To most teens these days smoking cigarettes is gross, but vaping or 'Juuling,' a popular brand of e-cigs, is cool.
"It looks like a flash drive," explained Mountain Vista high school senior Abhi Bhandari. "I see students all the time taking a hit. Even in the class, sometimes, because it is so concealable. Hiding it in their sleeve and then blowing it down their shirt."
What Bhandari sees at his school every day has inspired him to do something about it.
"I go to the bathroom I see it. 'Can I have a JUUL?' 'What flavor do you have,'? he said. "If someone wants to do something they can do it. It's their decision. It's their body. They can do what they want to do, but what I do want to change is the amount of awareness."
Bhandari said his crusade for change started from an anonymous survey where he asked his peers about their tobacco, marijuana, and vaping use.
Out of around 150 students who filled the survey out, he said 1 in 5 have tried smoking or weed. While a whopping 40 percent or 2 in 5 are vaping.
"I saw that 40 percent number, and I was astounded," said Bhandari. "That's really where I was like, 'ok, I need to do something about this to change what's happening in the schools right now.'"
Bhandari started this vaping awareness blog. He is also working with his school to create posters that will warn students about the long-term impacts, and said he even plans to contact lawmakers.
"Vaping is a really, really big problem," said Bhandari.
Colorado tops 37 other states for e-cigarette use among teens, according to a recent Centers for Disease Control (CDC) survey. More than a quarter of Colorado high schoolers currently use e-cigarettes and almost 6 percent say they use them frequently.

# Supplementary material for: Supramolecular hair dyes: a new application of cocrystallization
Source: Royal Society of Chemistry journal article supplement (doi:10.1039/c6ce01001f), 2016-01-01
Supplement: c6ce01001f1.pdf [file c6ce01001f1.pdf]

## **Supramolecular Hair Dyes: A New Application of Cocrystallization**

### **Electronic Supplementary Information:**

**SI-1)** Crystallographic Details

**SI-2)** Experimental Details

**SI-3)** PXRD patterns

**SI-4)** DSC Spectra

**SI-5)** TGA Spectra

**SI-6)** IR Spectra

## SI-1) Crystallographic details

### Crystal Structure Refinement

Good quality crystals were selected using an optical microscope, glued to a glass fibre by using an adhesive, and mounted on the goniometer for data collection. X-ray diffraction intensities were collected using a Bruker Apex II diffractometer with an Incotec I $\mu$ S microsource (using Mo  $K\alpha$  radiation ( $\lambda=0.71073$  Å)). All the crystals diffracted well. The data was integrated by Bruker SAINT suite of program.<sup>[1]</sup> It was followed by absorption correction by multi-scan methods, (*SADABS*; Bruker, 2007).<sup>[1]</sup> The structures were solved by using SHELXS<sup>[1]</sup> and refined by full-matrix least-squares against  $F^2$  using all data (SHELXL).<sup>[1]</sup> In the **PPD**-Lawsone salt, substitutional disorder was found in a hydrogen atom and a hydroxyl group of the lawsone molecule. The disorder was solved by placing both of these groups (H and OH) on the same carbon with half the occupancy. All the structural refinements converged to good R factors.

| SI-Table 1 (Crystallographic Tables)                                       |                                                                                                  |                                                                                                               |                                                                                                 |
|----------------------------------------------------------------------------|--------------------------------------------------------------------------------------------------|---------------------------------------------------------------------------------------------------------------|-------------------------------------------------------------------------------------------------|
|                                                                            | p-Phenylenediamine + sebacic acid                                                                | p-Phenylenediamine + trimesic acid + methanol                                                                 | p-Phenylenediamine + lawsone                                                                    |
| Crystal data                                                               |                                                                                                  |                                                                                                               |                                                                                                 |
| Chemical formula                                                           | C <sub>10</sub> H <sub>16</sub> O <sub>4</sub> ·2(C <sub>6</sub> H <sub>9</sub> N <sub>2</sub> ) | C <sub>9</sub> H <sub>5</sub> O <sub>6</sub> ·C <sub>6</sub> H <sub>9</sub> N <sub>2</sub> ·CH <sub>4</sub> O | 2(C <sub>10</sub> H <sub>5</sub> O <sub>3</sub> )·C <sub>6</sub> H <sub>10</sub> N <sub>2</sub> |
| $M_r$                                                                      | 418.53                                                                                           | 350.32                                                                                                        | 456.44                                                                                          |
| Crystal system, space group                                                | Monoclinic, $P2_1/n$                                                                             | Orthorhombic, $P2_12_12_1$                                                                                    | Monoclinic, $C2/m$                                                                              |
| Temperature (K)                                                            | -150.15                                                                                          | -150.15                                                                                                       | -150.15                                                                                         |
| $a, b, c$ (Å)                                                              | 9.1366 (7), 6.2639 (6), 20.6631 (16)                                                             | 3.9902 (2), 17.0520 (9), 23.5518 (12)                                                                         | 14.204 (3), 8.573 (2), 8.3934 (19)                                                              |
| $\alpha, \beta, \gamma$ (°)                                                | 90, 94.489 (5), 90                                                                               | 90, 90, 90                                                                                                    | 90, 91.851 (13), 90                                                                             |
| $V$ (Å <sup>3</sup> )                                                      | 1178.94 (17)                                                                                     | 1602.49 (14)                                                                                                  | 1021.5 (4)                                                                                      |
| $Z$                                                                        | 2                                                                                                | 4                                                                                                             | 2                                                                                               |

"I've heard it almost consistently, every time, 'I started doing this because I thought it was a safer alternative,'" said Dr. Anne Wagner with University of Colorado Hospital.
She said e-cigarettes aren't the safer alternative to smoking their sold as to the public.
"They're still taking nicotine in, there's still a substance going into their lugs. It is still bad for their health," said Dr. Wagner.
"A lot of them don't even know that. They just believe their doing something fun and then they end up getting addicted," said Bhandari. "I just want to make a change, and if that makes me wise beyond my years -- well then that's pretty cool," he said with a smile.
Bhandari's goal is not to be his classmates nanny. He said he wants to help them understand what they're putting in their bodies before they ever hit that JUUL they think is cool.
"Know what you're doing, look at the harms, look at all the benefits and decide from there if you still want to do it," he said.
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